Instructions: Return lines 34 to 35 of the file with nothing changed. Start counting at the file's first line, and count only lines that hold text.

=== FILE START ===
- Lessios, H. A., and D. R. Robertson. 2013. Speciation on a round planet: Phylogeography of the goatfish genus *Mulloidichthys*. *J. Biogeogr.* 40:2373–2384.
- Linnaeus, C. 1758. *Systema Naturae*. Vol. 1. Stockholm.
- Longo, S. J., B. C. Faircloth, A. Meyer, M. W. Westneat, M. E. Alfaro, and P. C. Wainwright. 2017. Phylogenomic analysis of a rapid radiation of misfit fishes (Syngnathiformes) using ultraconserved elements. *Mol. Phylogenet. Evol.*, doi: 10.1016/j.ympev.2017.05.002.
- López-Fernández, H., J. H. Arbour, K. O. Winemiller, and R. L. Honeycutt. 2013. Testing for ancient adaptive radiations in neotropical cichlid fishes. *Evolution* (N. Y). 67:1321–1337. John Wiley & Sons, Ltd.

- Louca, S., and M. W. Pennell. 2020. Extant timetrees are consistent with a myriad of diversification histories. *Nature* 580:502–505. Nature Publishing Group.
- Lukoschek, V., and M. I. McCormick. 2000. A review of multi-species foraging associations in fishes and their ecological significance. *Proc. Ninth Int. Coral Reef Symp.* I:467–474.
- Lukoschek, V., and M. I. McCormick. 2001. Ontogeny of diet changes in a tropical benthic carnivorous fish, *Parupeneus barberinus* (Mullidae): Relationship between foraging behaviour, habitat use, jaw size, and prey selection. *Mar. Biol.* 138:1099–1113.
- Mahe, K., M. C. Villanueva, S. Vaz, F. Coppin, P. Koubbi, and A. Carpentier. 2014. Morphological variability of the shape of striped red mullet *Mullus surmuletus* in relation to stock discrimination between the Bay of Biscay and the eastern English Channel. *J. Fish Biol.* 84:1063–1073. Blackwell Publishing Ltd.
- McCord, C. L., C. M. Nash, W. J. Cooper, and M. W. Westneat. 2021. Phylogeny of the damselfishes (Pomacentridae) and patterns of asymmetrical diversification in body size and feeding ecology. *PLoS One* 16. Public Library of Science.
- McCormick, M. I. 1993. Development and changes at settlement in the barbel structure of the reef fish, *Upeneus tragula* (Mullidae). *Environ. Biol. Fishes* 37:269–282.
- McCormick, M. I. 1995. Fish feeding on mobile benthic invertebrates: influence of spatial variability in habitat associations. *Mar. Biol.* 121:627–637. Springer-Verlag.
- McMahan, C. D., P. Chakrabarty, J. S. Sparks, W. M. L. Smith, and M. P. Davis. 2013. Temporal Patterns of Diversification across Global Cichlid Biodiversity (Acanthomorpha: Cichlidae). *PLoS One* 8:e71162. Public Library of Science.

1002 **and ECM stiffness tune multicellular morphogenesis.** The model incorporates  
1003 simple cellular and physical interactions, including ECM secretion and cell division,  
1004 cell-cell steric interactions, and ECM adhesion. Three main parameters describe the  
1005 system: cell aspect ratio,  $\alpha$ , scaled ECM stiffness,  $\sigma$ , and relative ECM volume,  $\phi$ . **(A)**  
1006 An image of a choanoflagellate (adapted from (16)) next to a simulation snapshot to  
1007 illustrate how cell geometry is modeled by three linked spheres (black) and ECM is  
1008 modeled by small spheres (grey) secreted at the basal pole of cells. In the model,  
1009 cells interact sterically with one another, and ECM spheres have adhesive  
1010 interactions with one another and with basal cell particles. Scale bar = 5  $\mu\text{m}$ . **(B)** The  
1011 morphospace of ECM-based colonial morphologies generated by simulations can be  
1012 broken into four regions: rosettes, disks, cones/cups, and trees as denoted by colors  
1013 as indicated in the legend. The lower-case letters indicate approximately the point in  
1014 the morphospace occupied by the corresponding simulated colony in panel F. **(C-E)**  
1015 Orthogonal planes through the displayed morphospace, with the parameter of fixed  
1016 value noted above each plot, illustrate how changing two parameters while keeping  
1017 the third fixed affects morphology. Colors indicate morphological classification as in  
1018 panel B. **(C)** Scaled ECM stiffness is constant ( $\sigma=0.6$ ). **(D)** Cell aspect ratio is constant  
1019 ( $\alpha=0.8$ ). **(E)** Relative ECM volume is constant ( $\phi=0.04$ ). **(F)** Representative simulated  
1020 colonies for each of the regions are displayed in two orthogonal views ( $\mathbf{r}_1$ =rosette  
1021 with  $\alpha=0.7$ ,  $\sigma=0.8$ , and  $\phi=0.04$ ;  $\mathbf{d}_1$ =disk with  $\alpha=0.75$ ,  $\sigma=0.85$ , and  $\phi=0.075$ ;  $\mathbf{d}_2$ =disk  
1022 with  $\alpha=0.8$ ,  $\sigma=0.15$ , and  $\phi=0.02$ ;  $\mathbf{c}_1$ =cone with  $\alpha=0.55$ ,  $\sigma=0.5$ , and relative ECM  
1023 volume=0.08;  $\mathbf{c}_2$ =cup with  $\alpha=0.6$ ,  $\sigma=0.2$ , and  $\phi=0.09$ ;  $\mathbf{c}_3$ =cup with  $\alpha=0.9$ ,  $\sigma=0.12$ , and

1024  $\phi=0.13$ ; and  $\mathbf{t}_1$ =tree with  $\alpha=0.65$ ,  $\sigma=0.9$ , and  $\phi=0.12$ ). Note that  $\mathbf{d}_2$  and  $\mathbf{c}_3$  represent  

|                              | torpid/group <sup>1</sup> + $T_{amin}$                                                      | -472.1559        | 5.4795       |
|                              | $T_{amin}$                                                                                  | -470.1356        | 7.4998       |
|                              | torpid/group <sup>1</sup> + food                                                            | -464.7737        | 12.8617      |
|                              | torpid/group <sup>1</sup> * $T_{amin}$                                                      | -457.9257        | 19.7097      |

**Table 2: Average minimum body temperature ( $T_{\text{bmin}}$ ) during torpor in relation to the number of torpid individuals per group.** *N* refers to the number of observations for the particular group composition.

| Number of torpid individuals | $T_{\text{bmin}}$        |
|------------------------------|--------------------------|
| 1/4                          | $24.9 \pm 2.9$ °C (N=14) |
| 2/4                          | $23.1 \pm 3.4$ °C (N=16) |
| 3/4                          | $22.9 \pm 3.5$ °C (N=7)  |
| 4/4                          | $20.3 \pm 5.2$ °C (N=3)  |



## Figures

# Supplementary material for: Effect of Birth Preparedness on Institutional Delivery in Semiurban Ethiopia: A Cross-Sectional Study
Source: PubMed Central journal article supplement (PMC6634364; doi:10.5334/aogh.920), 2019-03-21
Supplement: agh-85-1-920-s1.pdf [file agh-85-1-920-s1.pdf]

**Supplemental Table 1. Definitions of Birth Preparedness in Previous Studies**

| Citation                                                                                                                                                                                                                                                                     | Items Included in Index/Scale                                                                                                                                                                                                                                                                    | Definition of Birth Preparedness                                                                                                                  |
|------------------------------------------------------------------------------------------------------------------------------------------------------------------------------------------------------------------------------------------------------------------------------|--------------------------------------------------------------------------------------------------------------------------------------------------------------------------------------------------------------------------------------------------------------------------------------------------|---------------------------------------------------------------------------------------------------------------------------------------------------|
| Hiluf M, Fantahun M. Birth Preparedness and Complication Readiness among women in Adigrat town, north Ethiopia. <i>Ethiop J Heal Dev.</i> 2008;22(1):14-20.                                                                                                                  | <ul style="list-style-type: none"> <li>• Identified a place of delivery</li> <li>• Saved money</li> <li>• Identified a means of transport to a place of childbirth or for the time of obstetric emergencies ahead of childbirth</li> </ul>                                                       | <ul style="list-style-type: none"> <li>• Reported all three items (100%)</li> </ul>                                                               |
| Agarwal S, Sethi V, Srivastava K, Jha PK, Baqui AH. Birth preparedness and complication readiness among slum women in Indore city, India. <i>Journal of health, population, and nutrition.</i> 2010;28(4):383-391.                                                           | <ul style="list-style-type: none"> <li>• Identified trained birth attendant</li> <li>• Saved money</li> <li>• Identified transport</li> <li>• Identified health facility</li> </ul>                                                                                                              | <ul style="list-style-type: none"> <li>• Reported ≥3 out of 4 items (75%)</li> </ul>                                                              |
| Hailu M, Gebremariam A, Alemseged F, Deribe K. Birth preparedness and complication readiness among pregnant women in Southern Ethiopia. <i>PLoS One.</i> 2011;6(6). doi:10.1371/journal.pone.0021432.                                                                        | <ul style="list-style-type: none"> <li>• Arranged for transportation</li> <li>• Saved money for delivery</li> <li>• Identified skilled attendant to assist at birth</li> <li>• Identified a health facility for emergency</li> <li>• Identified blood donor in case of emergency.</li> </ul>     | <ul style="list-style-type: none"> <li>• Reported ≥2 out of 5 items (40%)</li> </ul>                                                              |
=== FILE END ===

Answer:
1023 volume=0.08;  $\mathbf{c}_2$ =cup with  $\alpha=0.6$ ,  $\sigma=0.2$ , and  $\phi=0.09$ ;  $\mathbf{c}_3$ =cup with  $\alpha=0.9$ ,  $\sigma=0.12$ , and

1024  $\phi=0.13$ ; and  $\mathbf{t}_1$ =tree with  $\alpha=0.65$ ,  $\sigma=0.9$ , and  $\phi=0.12$ ). Note that  $\mathbf{d}_2$  and  $\mathbf{c}_3$  represent  